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Noga v. Noga

ILLINOIS APPELLATE COURT — SECOND DISTRICT JUDGMENT AFFIRMED.


OPINION FILED DECEMBER 28, 1982.

BETTYE NOGA, PETITIONER-APPELLANT,

v.

JOANNE NOGA, A/K/A JOANNE SCHOPP, RESPONDENT-APPELLEE.

Appeal from the Circuit Court of Lake County; the Hon. John Kaufman, Judge, presiding.

JUSTICE NASH DELIVERED THE OPINION OF THE COURT:

Petitioner, Bettye Noga, appeals from an order of the trial court which dismissed her petition for visitation rights with her grandchildren on the grounds the court lacked jurisdiction.

From the record it appears that petitioner's son, Joseph Noga, and Joanne Noga, now Joanne Schopp, were married in 1970 in Lake County, Illinois, and had two children. They were thereafter divorced in Lake County in 1976; the decree provided that Joanne have custody of the children and Joseph the right of reasonable visitation with them and to pay $50 each week as child support. In 1978, Joanne married her present husband, Patrick Schopp, and in January 1979, they and the two children moved from Illinois to the State of Arkansas; Joanne did not request leave to remove the children from this State as is required by section 609 of the Illinois Marriage and Dissolution of Marriage Act (Ill. Rev. Stat. 1979, ch. 40, par. 609).

In February 1980, Joanne and Patrick Schopp initiated proceedings in Arkansas in which he sought to adopt the two minor children. The children's natural father, Joseph Noga, appeared in the Arkansas court and contested the adoptions. On May 8, 1980, however, the Chancery Court in Arkansas terminated Joseph's parental rights and entered a judgment of adoption. Joseph Noga was in the process of appealing the adoption judgment to a higher Arkansas court at the time of the proceedings below.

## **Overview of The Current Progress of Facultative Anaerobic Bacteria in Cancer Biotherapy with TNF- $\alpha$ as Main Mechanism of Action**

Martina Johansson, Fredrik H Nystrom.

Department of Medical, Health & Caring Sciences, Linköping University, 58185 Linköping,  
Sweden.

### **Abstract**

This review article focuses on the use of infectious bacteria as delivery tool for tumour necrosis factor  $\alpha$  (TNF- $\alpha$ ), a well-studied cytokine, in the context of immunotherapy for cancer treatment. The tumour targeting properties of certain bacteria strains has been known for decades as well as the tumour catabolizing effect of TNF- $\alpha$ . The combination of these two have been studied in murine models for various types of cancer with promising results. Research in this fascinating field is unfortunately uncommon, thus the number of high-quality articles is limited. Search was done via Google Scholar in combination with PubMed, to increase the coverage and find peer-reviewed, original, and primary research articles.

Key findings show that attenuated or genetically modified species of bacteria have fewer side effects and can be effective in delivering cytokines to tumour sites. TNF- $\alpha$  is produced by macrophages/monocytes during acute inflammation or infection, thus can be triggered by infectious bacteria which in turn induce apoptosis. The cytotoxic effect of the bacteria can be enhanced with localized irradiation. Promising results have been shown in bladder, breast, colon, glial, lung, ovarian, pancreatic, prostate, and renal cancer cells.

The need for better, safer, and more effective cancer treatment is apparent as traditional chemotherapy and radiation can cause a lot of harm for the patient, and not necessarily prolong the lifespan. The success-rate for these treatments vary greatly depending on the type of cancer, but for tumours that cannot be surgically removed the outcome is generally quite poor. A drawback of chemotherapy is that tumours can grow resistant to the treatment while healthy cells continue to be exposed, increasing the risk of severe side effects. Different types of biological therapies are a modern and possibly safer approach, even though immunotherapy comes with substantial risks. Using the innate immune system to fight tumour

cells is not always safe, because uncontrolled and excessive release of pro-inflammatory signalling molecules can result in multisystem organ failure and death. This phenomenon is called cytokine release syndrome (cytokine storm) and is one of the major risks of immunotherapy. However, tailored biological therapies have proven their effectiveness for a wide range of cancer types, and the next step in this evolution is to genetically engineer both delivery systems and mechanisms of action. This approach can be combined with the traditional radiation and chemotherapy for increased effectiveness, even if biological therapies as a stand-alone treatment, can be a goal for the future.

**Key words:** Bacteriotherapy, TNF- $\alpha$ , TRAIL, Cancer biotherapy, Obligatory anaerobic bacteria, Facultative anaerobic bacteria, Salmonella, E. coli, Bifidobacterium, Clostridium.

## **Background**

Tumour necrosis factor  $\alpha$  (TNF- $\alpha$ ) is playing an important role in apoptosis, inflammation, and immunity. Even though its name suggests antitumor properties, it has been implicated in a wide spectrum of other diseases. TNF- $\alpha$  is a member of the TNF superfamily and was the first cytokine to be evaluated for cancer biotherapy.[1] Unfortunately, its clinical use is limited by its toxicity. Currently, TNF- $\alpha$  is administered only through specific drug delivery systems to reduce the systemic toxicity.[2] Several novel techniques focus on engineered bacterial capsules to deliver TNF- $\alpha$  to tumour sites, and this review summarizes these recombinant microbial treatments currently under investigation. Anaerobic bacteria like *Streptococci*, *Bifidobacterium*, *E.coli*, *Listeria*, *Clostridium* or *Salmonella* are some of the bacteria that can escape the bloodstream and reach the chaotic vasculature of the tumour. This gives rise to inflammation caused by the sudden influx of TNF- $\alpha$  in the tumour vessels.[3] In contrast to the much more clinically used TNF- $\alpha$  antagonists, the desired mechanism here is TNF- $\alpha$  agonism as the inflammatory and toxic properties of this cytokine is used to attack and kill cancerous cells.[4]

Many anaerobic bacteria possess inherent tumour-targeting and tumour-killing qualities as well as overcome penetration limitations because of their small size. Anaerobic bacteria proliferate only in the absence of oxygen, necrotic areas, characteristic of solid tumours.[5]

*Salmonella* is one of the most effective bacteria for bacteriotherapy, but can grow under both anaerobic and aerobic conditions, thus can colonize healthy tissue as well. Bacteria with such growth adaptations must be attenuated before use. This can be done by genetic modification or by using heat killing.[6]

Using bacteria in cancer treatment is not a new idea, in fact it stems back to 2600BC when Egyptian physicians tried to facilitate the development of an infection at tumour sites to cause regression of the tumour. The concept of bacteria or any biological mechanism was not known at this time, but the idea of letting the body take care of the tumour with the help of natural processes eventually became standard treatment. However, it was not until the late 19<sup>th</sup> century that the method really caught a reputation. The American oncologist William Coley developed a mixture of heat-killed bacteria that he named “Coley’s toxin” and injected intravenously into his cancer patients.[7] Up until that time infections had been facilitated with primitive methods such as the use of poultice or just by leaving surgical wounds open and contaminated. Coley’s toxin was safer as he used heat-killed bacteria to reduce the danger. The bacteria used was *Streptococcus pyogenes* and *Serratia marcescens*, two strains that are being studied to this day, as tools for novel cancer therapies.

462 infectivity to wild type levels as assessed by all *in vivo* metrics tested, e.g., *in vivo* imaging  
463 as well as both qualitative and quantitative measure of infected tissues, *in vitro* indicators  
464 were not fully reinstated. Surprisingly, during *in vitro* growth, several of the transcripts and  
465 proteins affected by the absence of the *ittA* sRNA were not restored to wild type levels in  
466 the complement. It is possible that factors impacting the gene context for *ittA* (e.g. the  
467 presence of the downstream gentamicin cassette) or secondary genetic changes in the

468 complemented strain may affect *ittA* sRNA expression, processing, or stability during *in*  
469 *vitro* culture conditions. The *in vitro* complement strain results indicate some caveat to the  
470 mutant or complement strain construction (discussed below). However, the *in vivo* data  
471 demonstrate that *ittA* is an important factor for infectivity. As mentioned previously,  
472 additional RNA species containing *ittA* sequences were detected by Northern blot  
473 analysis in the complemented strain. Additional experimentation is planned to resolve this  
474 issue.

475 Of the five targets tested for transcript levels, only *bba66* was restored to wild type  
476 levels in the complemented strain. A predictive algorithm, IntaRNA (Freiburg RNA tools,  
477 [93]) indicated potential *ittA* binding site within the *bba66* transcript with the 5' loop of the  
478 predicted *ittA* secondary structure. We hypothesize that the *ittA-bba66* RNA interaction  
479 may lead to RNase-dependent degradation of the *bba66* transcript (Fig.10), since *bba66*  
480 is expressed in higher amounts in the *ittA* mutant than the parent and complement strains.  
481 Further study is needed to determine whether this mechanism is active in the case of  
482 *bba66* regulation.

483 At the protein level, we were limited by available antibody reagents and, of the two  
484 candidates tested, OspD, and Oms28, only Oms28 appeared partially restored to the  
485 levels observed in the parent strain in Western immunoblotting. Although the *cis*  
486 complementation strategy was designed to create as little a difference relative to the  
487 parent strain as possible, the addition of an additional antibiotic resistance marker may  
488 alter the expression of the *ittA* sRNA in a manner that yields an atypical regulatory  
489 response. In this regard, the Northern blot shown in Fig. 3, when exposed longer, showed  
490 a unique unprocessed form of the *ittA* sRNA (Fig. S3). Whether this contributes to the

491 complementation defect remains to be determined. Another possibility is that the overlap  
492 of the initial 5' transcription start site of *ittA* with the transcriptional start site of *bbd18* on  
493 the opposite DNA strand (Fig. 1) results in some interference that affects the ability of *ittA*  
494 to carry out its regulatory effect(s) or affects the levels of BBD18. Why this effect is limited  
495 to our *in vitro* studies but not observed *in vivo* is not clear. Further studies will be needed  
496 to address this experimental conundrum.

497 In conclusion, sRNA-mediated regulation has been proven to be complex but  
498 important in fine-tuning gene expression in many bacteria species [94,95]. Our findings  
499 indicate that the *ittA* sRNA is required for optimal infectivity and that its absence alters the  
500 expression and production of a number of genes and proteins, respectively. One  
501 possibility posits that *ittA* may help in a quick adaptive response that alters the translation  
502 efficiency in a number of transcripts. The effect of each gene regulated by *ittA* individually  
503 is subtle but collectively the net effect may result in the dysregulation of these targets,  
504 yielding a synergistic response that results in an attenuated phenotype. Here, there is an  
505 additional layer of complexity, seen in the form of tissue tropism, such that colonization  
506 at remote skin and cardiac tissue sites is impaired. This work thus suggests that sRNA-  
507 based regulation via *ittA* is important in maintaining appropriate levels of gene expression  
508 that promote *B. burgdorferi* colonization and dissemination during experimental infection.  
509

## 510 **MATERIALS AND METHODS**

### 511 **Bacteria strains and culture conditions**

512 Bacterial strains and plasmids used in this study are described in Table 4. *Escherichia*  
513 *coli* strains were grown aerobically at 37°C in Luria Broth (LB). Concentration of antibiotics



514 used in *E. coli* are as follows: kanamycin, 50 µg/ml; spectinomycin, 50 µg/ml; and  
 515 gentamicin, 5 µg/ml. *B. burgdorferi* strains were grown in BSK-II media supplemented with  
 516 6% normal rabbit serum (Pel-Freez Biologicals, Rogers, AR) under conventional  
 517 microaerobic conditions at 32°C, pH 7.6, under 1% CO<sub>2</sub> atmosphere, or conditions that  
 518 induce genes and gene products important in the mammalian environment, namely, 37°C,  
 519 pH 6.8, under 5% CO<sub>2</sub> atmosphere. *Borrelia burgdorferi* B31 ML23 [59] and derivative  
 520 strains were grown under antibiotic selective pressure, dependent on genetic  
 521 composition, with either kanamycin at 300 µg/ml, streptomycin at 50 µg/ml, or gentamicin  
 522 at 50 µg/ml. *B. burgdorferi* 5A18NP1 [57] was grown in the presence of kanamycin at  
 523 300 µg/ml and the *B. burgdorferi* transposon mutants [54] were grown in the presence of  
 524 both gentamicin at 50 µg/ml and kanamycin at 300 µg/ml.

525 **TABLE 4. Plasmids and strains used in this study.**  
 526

In September 1981, Joseph's mother, Bettye Noga, filed a petition for visitation with her grandchildren in the circuit court of Lake County. The children's mother, Joanne Schopp, specially appeared and moved to dismiss the petition on the jurisdictional grounds the children were not Illinois residents and that the trial court must give full faith and credit to the Arkansas judgment terminating Joseph Noga's parental rights. After a hearing the trial court dismissed the petition for visitation for lack of jurisdiction.

In her appeal the children's grandmother, Bettye Noga, contends the Illinois court has jurisdiction to grant visitation with her grandchildren pursuant to section 607(b) of the Illinois Marriage and Dissolution of Marriage Act (Ill. Rev. Stat. 1979, ch. 40, par. 607(b)). She also asserts that the judgment of adoption of the children, which terminated Joseph Noga's parental rights, does not affect her visitation rights as a grandparent.

Joanne Schopp has not responded with a brief in this court; however, we will consider the appeal under the standards set forth in First Capitol Mortgage Corp. v. Talandis Construction Corp. (1976), 63 Ill.2d 128, 345 N.E.2d 493.

We note initially that as Bettye Noga's petition for visitation rights was filed after October 1, 1977, the provisions of the Illinois Marriage and Dissolution of Marriage Act (IMDMA) (Ill. Rev. Stat. 1979, ch. 40, par. 101 et seq.) are applicable. (See Ill. Rev. Stat. 1979, ch. 40, par. 801(a), (c); In re Custody of Ehr (1979), 77 Ill. App.3d 540, 542, 396 N.E.2d 87, 89.) Under section 601(a) of the IMDMA, an Illinois court has jurisdiction to make child custody determinations as is provided in section 4 of the Uniform Child Custody Jurisdiction Act (UCCJA) (Ill. Rev. Stat. 1979, ch. 40, par. 2101 et seq.). (Ill. Rev. Stat. 1979, ch. 40, par. 601(a).) We consider that a petition for visitation rights is a child custody determination for the purposes of the UCCJA (see Ill. Rev. Stat. 1979, ch. 40, par. 2103.02) and, since the present visitation proceeding was filed after September 11, 1979, the provisions of the UCCJA are applicable. See Ill. Ann. Stat., ch. 40, par. 2101, Historical Note, at 517 (Smith-Hurd 1980).